ALL children are musical. The structured yet relaxed environment in the classes provide the variety of music concepts* making possible for children to explore active music-making* and learn by observing their caretakers.
The nuts and bolts ...
1 * What about child development and brain development? What does music have to do with it?
Nowadays, there is a lot of talk about early childhood development and parents hear about all they're supposed to do to support that. But how do we do that? It's known that a child requires stimulation for their development such as: language, cognitive, emotional and social growth, spacial awareness and etc. Many research studies strongly suggest that the act of making music is unique in that it involves the whole brain and may contribute to all of these developmental tasks.
Music Learning Supports All Learning®!
2 * Music is a language!
It develops similarly to verbal language and is accessible to all. Learning the music language is not a matter of talent, it's a birth right!
Let's think about how a child develops the verbal (spoken) language. From they one, and perhaps even while we are pregnant, we talk to the baby and/ or around the baby. Babies at some point will start producing sounds that might not make sense. Over time, these sounds become one or two syllable words - in other words, the sounds acquire a meaning. It seems to us that they "created" their own words when for example, they want to say the word "water" and it comes out as "ah- tah". Over time, they self-correct their expression and these words become the words we all share. The words become phrases, phrases become whole sentences and "all of a sudden" we have a talker :)
Above, we described the process but as this development takes place something important happens to the child: she/ he learns to communicate - through words. They have learned to do that from the people they love the most: their parents, grandparents and/ or caretakers. We don't play CDs where there are people talking with the expectation that a child will learn how to talk from that, do we? (audio books are great but, usually, we do not expect a non-talker to learn words and sentences from a recording)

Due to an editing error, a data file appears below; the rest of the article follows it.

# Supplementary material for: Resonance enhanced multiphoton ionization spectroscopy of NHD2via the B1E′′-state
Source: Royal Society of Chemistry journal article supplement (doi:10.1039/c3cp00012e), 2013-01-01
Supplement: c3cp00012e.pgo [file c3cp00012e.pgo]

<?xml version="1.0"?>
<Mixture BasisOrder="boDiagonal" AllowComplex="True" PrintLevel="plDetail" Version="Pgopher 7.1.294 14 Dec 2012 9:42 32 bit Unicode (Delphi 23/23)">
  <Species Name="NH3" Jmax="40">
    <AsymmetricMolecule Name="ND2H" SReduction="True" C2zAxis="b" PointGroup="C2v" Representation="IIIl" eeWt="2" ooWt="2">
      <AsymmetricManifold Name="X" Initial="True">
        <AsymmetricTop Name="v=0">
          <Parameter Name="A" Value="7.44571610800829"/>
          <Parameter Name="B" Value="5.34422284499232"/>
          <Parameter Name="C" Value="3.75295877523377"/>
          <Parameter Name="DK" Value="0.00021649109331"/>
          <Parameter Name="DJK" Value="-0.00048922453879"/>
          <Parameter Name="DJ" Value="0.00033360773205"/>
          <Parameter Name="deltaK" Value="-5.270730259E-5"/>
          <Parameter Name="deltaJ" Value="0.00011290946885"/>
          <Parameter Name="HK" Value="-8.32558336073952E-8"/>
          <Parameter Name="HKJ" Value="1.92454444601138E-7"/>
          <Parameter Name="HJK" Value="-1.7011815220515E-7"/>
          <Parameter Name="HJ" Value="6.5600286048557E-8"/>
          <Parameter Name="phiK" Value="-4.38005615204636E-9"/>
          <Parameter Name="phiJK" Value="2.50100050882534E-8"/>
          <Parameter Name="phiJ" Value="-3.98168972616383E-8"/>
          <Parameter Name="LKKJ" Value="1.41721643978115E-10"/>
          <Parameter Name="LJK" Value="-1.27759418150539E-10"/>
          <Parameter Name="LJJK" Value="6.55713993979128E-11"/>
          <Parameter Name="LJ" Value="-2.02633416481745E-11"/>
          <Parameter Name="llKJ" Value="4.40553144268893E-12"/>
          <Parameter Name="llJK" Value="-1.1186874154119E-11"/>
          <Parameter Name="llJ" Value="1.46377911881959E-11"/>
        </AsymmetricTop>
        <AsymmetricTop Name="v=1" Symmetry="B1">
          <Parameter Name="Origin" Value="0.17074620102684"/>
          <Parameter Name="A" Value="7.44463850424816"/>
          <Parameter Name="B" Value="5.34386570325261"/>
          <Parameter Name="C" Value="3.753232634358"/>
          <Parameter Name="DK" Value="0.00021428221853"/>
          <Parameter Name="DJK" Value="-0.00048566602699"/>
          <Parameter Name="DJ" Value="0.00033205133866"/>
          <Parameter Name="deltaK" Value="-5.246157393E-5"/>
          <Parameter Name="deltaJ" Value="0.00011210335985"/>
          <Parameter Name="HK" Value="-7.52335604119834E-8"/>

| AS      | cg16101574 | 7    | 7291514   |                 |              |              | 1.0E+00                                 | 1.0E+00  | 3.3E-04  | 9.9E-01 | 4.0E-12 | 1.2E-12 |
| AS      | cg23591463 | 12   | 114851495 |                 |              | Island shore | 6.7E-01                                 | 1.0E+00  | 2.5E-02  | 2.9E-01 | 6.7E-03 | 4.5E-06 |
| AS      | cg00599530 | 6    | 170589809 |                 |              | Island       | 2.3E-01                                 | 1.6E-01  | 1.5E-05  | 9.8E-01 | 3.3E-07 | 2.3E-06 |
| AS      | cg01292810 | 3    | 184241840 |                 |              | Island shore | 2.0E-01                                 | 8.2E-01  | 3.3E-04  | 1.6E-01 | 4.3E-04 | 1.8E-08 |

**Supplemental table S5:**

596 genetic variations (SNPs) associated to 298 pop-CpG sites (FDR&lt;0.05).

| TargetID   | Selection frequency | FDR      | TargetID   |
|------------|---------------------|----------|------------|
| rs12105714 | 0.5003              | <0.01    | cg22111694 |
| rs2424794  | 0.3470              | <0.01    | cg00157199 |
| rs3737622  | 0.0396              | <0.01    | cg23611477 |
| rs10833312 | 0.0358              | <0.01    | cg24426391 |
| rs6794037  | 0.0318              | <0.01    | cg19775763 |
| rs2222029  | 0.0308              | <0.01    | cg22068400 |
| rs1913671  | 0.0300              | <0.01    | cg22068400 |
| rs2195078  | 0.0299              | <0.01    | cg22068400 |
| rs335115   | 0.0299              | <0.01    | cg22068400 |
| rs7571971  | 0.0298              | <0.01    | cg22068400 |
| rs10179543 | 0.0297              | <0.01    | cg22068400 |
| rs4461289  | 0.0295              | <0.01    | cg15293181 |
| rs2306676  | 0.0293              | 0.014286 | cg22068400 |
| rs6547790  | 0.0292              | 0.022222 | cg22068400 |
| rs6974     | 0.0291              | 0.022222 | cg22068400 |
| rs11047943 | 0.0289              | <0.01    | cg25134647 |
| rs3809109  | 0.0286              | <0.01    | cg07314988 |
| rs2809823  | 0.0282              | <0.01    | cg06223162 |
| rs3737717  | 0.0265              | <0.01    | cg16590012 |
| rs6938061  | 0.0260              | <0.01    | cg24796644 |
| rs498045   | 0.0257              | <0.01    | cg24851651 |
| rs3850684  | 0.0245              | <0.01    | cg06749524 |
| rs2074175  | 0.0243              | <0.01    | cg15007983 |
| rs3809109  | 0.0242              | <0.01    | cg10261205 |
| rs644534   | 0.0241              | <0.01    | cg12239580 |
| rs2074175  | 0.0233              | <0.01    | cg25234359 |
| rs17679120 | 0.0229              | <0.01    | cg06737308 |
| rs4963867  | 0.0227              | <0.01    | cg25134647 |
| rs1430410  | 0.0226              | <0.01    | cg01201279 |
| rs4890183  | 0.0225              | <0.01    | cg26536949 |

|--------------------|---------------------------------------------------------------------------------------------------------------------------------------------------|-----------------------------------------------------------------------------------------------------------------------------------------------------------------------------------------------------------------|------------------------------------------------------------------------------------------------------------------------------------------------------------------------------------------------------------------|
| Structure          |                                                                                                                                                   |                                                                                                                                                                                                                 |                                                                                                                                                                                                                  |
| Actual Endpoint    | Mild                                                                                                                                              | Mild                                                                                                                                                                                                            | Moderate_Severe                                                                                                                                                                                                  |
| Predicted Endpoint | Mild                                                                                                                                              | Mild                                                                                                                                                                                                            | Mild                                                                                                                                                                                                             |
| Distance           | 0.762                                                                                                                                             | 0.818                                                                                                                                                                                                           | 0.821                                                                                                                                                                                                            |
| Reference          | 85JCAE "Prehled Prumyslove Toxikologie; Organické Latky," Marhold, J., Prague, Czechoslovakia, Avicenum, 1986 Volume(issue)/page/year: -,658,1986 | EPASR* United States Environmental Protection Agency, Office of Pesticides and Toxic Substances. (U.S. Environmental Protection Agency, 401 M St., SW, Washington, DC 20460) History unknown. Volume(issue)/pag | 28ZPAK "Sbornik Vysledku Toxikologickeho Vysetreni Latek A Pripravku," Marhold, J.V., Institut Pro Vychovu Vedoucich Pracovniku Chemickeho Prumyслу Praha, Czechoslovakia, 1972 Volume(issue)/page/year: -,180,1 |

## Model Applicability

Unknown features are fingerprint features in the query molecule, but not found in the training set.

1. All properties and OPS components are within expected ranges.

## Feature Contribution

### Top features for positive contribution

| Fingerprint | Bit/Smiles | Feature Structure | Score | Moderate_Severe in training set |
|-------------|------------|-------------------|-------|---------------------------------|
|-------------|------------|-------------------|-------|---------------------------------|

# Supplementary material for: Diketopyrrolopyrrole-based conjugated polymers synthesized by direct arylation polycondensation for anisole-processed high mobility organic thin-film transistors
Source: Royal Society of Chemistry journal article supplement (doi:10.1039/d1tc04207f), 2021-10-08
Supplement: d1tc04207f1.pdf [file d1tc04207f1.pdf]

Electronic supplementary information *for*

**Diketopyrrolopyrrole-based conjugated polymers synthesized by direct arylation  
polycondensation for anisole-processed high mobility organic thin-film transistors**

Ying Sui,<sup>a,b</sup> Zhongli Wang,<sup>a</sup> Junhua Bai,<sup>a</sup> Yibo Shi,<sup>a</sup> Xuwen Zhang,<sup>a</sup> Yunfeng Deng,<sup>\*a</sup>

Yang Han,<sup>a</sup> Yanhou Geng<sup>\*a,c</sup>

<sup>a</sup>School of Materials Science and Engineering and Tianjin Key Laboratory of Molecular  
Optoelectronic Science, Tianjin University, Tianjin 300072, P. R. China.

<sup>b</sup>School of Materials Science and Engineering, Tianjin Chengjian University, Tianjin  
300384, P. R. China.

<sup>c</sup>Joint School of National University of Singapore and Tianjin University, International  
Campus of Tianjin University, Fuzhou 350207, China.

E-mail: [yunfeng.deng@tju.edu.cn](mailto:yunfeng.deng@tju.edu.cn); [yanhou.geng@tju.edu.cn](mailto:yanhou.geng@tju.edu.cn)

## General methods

Well, same goes with music. They learn from the people they love the most. Their melodic and rhythmic development will progress similarly to the way their language does, through constant interaction. "Random" sounds, will become a definite note, over time they can sing pieces of a melody until they can sing a whole song, in tune. The act of singing is a pretty complex process that is not taught but learned, and again ... children learn it through constant meaningful interaction with the people they love the most. So sing your way through the day with, to and for your little one :)
3 * We believe in music making for the sake of music!
It's soothing, it's pleasant, it's fun, it creates community, it brings us together.
We hear about all the benefits of music and its learning process but somehow this would be part of the "functional" aspect of music, perhaps a secondary benefit. But humans seem to simply love music. Have you ever imagined the world without music?
variety of music concepts - a variety of music concepts. Melodically: use of different scales (major, minor, and other modes). Rhythmically: use of different tempos, groups of beats, measures. It also involves music in different styles.
While nursery rhymes and traditional well-known songs are great they DO NOT offer a variety of music concepts. Most of the time, the songs use only the major scale and the duple measures. Also, in some cases, what's called a "song" is actually the lyrics and not the melody. For example: the beloved "Twinkle, Twinkle". Kids learn how to change the lyrics to ABC, to Baa Baa Black Sheep but the melody remains the same :)
Active music-making - the act of singing, playing an instrument, dancing to the beat.
Our society now a days is performance oriented. In the last century or so, we as human beings went from being active participants in the music production of our culture through traditional festivities, circle dancing, singing together in choirs and/ or at home to being, most of the time, solely consumers of music. Let's remember ... there was no radio, no CD players, no TV and etc ...
Listening to music is wonderful but it's a passive way of "making-music". Our musical language can develop and flourish when we speak that language often, in the musical context, when we sing, dance, play instruments and feel comfortable participating in such activity - this is what I call "active music-making".